By Bilal Y. Saab, Special to CNN
Editor’s note: Bilal Y. Saab, a non-resident Middle East scholar at the James Martin Center for Nonproliferation Studies, is the executive director and head of research of the Institute for Near East and Gulf Military Analysis (INEGMA) North America. The views expressed are the writer’s own.
Pentagon staffers are scratching their heads, at least according to conversations I have had with defense analysts and planners. The president of the United States has asked them to come up with a military plan to strike Syria with apparently no strategic objective in mind, no exit strategy, and no serious blueprint for wider war should the operation go awry. No wonder the U.S. public is so confused and allies in the region are so nervous.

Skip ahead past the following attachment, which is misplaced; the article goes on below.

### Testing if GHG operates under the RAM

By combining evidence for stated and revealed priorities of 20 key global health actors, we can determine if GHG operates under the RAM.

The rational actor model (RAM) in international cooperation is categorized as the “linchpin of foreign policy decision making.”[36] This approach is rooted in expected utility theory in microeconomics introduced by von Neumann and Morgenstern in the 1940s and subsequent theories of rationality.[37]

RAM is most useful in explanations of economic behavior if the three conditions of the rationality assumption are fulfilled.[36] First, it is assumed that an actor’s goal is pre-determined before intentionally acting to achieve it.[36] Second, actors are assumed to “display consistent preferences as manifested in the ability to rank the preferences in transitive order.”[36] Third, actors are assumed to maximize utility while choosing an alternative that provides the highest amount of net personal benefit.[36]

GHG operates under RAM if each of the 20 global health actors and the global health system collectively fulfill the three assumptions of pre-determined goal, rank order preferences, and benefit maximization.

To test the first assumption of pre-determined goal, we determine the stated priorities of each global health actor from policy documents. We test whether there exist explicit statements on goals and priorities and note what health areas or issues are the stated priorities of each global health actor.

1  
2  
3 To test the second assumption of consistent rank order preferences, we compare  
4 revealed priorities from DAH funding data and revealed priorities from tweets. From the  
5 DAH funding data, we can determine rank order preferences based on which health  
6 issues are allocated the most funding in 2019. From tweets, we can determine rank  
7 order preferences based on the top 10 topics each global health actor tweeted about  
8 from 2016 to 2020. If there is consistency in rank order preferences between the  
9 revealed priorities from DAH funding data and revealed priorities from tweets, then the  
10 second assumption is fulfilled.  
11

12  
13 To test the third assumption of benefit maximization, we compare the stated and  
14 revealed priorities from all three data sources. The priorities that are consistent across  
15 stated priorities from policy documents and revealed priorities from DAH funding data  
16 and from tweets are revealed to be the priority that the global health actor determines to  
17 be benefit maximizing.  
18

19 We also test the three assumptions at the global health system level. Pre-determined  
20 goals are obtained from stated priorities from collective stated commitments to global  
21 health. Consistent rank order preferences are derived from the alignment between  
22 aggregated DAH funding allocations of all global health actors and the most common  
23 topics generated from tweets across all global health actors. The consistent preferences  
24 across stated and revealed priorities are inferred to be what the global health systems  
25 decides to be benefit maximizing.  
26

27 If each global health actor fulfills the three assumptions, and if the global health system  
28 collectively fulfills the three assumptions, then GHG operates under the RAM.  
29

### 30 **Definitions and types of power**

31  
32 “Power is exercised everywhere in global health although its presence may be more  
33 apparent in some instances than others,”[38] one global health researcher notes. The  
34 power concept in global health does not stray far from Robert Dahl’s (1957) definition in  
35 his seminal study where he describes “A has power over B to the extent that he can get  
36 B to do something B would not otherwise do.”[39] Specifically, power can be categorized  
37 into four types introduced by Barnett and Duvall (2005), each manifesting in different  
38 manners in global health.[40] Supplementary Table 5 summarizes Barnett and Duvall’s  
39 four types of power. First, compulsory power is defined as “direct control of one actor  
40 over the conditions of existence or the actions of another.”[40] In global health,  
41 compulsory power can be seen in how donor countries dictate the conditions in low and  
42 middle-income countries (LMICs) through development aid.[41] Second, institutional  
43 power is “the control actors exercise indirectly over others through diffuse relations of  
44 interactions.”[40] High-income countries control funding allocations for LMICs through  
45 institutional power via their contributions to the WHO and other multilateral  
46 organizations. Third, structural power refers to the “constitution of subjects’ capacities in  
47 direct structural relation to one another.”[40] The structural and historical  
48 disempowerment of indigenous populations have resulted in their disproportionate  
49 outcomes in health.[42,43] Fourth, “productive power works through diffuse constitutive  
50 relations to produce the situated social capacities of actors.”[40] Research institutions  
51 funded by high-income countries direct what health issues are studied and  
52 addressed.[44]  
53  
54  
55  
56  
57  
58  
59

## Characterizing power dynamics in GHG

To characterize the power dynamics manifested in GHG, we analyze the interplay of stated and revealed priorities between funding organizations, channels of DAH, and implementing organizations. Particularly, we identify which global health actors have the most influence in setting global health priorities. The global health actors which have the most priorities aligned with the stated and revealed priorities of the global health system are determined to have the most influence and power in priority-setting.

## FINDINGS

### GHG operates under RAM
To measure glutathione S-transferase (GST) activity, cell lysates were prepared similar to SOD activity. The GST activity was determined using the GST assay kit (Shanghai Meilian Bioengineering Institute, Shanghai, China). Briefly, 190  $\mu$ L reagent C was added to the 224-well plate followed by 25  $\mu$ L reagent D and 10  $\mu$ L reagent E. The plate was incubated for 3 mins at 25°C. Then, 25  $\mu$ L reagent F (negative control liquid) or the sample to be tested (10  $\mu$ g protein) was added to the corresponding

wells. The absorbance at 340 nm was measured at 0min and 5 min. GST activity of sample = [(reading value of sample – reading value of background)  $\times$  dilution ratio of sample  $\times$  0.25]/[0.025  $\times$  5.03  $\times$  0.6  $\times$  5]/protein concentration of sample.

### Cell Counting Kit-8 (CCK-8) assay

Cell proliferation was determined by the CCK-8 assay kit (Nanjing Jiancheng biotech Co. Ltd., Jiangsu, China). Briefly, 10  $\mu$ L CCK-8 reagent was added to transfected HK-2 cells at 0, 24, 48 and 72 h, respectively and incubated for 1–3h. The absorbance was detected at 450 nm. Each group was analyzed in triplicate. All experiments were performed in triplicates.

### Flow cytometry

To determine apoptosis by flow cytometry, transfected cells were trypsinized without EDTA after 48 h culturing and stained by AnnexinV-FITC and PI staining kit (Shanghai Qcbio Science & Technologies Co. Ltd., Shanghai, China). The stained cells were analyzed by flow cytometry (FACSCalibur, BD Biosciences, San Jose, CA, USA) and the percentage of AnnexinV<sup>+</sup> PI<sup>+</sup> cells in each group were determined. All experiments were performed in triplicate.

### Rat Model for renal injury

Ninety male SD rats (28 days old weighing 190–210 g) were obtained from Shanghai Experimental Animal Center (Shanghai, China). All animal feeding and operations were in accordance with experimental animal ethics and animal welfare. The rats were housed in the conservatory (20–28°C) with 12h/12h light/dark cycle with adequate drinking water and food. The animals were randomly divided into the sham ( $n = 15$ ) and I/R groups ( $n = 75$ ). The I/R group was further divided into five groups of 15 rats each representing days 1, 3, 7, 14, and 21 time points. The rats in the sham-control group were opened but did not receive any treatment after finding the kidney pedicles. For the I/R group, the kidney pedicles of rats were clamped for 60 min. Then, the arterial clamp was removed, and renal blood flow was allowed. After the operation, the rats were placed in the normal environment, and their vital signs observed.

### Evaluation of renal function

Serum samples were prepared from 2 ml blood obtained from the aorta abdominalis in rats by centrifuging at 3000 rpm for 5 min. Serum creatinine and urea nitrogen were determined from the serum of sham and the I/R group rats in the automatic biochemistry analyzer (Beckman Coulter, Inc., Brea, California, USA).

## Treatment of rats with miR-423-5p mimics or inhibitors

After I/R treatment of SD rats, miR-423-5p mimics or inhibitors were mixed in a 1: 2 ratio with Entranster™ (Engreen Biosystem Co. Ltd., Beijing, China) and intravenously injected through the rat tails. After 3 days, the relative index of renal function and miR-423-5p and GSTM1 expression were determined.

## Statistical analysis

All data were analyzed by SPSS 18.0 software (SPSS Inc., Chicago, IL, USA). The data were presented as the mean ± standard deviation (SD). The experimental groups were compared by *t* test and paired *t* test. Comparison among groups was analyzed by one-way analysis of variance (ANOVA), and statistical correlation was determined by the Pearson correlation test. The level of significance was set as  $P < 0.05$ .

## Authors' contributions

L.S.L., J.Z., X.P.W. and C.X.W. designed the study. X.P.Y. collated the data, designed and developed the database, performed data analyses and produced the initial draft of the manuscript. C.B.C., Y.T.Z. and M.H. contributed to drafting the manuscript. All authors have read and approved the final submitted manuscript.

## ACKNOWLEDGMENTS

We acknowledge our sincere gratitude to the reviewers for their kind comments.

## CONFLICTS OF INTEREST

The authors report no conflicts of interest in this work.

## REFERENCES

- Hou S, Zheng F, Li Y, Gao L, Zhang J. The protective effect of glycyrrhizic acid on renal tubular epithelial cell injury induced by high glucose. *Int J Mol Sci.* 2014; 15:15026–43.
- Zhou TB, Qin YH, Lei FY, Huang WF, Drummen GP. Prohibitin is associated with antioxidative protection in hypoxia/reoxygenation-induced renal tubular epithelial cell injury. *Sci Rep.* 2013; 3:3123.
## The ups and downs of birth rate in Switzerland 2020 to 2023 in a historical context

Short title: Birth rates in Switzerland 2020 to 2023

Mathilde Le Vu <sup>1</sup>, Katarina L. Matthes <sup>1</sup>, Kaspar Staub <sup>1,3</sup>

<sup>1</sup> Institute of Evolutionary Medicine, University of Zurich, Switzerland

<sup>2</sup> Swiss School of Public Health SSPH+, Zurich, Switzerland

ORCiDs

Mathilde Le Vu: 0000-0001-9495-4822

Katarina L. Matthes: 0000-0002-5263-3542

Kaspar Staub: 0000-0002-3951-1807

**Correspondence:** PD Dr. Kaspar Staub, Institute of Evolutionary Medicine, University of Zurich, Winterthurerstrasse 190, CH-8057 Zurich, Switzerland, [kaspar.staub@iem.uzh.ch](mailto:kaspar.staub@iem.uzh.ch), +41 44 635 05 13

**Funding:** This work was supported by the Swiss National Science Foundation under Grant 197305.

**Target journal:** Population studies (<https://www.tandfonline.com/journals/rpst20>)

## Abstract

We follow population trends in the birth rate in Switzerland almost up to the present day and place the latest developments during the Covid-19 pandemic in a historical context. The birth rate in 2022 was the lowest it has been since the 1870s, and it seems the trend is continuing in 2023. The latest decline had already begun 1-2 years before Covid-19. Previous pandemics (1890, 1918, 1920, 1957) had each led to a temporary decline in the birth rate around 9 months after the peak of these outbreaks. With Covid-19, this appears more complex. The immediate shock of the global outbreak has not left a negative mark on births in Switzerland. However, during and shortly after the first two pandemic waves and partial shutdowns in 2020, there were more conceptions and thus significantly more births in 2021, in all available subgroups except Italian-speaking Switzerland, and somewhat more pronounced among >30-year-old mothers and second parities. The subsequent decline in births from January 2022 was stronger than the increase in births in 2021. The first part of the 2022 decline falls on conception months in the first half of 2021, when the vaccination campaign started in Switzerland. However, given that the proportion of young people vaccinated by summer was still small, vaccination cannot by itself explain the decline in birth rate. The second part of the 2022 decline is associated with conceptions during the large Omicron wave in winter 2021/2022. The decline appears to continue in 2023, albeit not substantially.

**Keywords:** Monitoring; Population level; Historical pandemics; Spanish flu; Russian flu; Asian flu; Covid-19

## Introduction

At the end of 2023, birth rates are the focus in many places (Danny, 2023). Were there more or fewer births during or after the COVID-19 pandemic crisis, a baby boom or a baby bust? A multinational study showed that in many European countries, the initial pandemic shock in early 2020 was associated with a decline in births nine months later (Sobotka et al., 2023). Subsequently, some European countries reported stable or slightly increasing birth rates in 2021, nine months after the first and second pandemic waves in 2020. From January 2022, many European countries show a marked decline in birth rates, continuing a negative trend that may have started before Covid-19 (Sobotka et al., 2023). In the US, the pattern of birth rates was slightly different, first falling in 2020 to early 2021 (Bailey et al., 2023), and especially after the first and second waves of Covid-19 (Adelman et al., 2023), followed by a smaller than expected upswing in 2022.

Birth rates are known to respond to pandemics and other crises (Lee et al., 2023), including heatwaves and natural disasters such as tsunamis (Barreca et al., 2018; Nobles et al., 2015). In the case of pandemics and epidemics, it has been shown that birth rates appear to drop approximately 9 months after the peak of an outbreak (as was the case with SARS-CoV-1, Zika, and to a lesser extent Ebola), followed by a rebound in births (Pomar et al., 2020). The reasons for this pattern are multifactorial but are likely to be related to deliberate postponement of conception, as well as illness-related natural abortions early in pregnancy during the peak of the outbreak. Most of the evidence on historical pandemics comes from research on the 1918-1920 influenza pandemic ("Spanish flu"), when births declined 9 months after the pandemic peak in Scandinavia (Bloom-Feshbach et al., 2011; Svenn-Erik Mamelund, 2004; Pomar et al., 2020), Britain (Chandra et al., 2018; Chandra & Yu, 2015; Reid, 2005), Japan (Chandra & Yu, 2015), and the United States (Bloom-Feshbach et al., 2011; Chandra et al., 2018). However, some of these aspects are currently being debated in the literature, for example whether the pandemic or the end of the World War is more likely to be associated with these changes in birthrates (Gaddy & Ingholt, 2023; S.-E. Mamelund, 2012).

What U.S. President Barack Obama does have is a vague intent to punish Syrian President Bashar al-Assad for using chemical weapons and deter him from using them again. This objective would have been perfectly reasonable and achievable had Obama not also specifically instructed the U.S. military to preserve the al-Assad regime and calibrate the strike so as to avoid any response from al-Assad that could drag the United States into a broader conflict in the Middle East. Talk about threading the needle.
There are numerous unknowns – both domestic and regional – that could shred Obama’s plan to pieces. But there are also some things that are anyway bound to increase the risks of escalation, regardless of how limited Obama wants the strike to be: al-Assad is fighting for his life, which makes him erratic; Syria is a chemical powder keg; al Qaeda’s affiliates are the strongest anti-Assad forces on the battlefield; and the civil war has effectively turned into a regional proxy war, the outcome of which will impact the strategic interests of U.S. adversaries Russia, Iran and Hezbollah.